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Inside Tract - Wave Hello to Electrogastrography

Inside Tract Winter 2015

Wave Hello to Electrogastrography

Date: November 28, 2014

Jiande Chen measures stomach electrowaves using simple cutaneous electrodes.
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Jiande Chen measures stomach electrowaves using simple cutaneous electrodes.

Physicians have known about the electrical system in the gut since as far back as the 1920s. But until recently, there’d been no easy way to measure the electrical signals in our stomachs.

Without an invasive probe, says Jiande Chen, there was no way to distinguish the faint electrical impulses in the gastric system from heart sounds or breathing sounds.

Today, Chen says, the science of electrogastrography allows measurement of electrical impulses in patients’ stomachs using simple cutaneous electrodes.

Similar to the way that electrocardiography measures the heart’s electrical impulses, electrogastrography (EGG) tracks the waves in the stomach and can detect motility problems.

“Stomachs have pacemakers, just like hearts do,” says Chen. “Only the frequency in the stomach is much lower, at three waves per minute.”

Gentler than signals of post-meal peristalsis, the so-called slow waves pace the stomach. Variations from the three waves per minute indicate motility troubles.

“Again, just like if you have tachycardia, the impulses are too fast and the heart goes into fibrillation,” Chen says. “In the stomach, it’s the same. If the slow-wave beats go above four cycles per minute, then the stomach doesn’t contract and the patient has problems.”

Chen joined the Johns Hopkins gastroenterology team in March 2014 from the University of Texas, where he studied the electricity of the gastric system.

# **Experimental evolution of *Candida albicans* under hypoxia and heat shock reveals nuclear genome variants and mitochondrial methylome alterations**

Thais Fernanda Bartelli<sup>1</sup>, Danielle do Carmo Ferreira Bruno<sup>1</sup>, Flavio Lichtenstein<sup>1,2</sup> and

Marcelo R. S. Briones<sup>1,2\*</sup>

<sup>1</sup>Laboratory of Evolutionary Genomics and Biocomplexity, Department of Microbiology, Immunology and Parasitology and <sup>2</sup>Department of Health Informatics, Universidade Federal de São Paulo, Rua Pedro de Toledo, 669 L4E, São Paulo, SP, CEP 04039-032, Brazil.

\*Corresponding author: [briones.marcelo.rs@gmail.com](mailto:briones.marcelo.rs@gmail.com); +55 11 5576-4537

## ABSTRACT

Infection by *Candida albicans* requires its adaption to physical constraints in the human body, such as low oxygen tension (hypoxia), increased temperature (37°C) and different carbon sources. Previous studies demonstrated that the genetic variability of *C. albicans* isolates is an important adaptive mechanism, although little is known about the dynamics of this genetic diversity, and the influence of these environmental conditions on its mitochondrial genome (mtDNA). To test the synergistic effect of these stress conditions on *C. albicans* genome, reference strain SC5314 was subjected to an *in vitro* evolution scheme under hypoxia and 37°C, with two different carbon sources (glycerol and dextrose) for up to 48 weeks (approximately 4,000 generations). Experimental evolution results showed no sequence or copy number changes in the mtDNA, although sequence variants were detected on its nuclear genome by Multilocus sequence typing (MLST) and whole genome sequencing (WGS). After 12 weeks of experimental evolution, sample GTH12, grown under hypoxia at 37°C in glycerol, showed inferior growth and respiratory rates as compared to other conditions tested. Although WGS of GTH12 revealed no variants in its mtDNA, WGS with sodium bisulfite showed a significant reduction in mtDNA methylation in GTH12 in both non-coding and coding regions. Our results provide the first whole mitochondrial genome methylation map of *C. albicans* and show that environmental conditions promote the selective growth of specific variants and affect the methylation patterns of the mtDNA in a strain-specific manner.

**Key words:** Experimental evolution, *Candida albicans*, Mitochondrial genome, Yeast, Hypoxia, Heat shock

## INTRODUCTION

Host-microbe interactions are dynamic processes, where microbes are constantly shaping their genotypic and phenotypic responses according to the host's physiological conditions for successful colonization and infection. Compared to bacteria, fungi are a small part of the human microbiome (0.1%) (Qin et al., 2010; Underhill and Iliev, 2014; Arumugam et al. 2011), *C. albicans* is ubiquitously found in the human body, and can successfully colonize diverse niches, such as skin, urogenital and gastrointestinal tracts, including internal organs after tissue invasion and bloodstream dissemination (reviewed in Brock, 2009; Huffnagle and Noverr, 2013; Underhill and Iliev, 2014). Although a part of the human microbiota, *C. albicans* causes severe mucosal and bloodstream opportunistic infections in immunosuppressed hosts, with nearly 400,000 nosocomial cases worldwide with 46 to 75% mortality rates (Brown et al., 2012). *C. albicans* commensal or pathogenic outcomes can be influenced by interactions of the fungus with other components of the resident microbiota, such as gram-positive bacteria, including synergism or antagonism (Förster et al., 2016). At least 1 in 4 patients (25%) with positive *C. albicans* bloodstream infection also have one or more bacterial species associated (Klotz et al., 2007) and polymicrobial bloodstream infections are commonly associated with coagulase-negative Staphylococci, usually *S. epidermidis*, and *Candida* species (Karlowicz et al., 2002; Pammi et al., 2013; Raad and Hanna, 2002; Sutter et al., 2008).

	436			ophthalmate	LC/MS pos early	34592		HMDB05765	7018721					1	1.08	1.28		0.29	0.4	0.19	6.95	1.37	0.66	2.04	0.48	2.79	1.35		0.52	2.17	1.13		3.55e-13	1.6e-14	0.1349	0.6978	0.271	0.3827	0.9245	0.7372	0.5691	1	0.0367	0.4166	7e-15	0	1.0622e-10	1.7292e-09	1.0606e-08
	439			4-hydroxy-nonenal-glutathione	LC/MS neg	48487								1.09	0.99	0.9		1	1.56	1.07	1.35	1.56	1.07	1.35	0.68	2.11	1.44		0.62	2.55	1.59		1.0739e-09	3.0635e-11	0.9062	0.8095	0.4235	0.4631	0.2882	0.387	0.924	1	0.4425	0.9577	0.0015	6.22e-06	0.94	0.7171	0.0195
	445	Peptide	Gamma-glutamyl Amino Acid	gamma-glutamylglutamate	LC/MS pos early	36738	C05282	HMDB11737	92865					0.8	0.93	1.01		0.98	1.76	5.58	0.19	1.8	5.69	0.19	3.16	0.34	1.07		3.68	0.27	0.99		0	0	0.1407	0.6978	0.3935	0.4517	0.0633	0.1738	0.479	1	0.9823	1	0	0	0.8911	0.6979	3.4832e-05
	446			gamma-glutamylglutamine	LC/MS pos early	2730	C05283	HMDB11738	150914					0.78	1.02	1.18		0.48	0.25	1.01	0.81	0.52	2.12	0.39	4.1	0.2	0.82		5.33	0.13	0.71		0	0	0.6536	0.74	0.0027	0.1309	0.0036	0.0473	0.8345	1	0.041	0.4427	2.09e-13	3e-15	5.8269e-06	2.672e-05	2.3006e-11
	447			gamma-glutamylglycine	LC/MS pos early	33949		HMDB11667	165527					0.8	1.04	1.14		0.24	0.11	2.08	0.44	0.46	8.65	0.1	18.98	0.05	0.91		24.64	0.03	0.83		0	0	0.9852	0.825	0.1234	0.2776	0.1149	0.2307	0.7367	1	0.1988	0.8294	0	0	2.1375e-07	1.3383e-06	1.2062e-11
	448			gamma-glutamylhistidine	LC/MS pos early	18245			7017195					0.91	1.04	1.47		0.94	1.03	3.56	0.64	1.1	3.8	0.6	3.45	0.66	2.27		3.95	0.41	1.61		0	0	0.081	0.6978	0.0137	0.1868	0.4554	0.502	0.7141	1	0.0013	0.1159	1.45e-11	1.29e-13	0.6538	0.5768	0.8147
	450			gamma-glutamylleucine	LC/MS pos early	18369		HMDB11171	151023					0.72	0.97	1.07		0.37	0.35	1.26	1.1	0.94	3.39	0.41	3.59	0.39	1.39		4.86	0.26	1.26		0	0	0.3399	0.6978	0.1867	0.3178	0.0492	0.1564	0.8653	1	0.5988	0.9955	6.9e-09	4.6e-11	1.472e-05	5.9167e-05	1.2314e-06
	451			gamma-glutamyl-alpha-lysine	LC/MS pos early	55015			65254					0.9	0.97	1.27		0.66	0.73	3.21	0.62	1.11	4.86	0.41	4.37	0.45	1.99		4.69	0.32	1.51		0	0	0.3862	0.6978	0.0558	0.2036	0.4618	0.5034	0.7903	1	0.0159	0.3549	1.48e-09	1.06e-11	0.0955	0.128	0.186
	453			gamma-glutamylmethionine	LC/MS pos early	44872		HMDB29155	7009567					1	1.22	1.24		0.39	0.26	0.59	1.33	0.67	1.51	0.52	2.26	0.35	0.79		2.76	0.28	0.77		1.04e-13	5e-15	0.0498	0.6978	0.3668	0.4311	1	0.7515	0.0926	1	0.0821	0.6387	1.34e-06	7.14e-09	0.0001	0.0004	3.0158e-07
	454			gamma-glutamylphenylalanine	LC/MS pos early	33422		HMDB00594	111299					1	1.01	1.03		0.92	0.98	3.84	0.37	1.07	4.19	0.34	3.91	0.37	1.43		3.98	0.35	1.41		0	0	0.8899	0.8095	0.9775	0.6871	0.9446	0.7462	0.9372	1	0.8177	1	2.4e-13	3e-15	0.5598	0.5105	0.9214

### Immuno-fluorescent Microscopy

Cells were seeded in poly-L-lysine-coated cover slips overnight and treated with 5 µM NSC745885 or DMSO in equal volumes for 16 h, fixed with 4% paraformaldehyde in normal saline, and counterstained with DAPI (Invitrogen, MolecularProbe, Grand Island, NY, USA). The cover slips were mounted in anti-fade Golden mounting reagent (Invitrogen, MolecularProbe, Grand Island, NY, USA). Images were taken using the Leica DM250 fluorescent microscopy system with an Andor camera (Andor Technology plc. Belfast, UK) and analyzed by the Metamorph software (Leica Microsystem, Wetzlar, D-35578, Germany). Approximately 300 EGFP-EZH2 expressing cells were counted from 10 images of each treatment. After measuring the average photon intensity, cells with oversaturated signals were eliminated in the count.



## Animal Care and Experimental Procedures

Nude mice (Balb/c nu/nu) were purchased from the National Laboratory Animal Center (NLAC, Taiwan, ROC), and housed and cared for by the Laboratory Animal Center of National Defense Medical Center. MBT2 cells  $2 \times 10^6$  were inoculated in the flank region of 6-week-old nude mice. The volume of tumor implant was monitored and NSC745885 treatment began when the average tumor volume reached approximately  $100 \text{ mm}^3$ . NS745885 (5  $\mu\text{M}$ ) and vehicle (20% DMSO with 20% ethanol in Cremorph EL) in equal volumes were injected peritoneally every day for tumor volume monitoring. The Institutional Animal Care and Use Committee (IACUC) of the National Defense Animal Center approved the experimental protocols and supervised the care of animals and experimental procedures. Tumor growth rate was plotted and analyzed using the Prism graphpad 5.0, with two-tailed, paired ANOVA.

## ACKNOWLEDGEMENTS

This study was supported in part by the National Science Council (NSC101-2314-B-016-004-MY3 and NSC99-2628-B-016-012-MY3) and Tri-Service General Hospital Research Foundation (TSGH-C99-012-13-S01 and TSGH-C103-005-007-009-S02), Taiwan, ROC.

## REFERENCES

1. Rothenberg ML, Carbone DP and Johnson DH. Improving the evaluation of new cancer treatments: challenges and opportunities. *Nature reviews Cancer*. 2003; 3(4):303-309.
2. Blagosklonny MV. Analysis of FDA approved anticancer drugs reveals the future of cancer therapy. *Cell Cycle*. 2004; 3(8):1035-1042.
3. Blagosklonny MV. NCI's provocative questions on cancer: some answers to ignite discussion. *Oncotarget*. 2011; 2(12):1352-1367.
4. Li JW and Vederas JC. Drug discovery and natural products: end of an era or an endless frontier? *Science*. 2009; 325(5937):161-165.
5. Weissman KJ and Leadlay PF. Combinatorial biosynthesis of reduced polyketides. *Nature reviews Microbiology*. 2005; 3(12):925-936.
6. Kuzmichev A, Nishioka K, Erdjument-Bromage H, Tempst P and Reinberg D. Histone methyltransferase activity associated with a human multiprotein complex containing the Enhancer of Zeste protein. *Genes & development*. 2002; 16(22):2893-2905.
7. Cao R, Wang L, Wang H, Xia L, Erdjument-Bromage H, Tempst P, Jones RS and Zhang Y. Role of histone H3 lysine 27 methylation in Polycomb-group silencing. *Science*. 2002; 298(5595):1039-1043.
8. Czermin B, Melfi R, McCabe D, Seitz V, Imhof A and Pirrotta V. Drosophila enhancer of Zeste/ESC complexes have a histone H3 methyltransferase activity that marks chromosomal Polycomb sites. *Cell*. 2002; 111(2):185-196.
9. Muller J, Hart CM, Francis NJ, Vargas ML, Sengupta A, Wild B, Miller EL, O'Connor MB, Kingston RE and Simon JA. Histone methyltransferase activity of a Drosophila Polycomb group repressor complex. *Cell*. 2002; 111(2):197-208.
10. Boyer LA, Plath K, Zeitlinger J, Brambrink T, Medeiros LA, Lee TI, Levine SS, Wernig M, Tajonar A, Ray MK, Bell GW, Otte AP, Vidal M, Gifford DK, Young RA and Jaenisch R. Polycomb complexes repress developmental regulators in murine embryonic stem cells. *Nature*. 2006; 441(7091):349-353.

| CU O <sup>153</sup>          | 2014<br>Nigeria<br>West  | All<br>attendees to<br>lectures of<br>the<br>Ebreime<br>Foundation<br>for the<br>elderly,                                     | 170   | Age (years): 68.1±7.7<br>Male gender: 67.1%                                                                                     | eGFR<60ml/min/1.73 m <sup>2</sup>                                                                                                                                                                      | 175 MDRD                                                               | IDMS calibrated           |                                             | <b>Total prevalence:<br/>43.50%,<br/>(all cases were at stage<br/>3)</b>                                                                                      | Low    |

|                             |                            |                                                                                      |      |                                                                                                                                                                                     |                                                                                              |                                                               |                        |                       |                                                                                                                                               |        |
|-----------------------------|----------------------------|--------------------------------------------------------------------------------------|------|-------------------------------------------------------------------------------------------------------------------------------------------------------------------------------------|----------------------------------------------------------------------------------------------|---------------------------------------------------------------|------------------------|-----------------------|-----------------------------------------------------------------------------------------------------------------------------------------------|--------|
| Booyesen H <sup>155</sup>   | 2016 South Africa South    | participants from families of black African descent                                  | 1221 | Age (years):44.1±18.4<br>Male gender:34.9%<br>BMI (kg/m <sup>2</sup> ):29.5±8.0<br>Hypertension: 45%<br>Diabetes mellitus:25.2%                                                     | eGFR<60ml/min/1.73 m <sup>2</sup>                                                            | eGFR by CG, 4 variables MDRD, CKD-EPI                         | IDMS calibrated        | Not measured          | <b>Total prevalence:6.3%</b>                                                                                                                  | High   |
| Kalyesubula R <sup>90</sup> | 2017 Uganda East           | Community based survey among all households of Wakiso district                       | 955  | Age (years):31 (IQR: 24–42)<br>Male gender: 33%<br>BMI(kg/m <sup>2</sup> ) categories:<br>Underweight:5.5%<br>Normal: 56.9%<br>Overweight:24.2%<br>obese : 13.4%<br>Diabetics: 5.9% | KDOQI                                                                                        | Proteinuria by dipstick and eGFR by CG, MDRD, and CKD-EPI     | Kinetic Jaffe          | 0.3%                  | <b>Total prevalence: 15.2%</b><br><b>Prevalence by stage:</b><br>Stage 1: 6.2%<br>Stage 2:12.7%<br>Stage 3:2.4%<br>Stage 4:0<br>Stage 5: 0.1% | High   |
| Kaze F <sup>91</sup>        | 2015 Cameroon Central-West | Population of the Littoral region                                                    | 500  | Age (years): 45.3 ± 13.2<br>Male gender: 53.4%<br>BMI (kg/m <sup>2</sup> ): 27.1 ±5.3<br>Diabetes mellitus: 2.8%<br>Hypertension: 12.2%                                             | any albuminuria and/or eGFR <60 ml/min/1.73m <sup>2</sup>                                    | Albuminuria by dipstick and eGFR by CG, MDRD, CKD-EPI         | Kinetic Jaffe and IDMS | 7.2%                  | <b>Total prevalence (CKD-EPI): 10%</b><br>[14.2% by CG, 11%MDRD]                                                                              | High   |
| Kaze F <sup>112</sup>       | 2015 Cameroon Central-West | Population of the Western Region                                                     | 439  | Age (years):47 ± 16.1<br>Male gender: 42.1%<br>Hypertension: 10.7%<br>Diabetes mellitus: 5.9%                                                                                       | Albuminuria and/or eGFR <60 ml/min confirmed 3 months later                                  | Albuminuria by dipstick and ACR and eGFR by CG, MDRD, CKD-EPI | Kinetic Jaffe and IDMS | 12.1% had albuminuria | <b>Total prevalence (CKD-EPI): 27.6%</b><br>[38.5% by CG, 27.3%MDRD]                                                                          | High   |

Working with surgical patients, Chen and his colleagues set out to answer a decades-old question.

“One of the first things I tried to do was to determine whether the recording we got on the surface of the patient’s skin was measuring the same event that a catheter deep in the patient’s stomach was measuring,” Chen says.

As they compared data from the two sources, Chen and his colleagues concluded that the EGG recordings were, indeed, measuring the same slow waves as the catheters deep inside the patients.

Chen and his team did another important study to prove that EGG measures the right electrical activity.

“We know that in newborns, the stomach is not mature,” Chen explains. “They don’t eat solid food for the first few months of their lives. We tested them with EGG, beginning right at birth, then at 2 months old, then at 6 months old. We found increasing electrowaves as their ages increased. And we concluded that function of the stomach matures gradually.”

Chen also did an EGG study comparing 2-year-olds with adults. “They’re the same,” he says of the electric waves. “No difference. At only 2 years old, the stomach has the same three-per-minute waves that adults have.”

Abnormal slow-wave activity can indicate digestive disorders ranging from functional dyspepsia to gastroparesis. As more doctors learn of Chen’s discoveries, the test is growing in popularity. At Johns Hopkins, EGG testing has become part of the diagnostic arensal of the GI and motility practitioners.


Not Just Testing the Waves

Jiande Chen’s work with stomach electrowaves may lead to more than just diagnostic data. Chen is part of a group of doctors, researchers and engineers who are developing a wearable electrostimulator that uses the same theories as acupuncture.

“We’re working on something that looks like a wristwatch but delivers a faint electrical stimulation to the acupuncture point that is associated with these stomach waves,” he says. “Our early clinical trials have been very positive and very exciting.”

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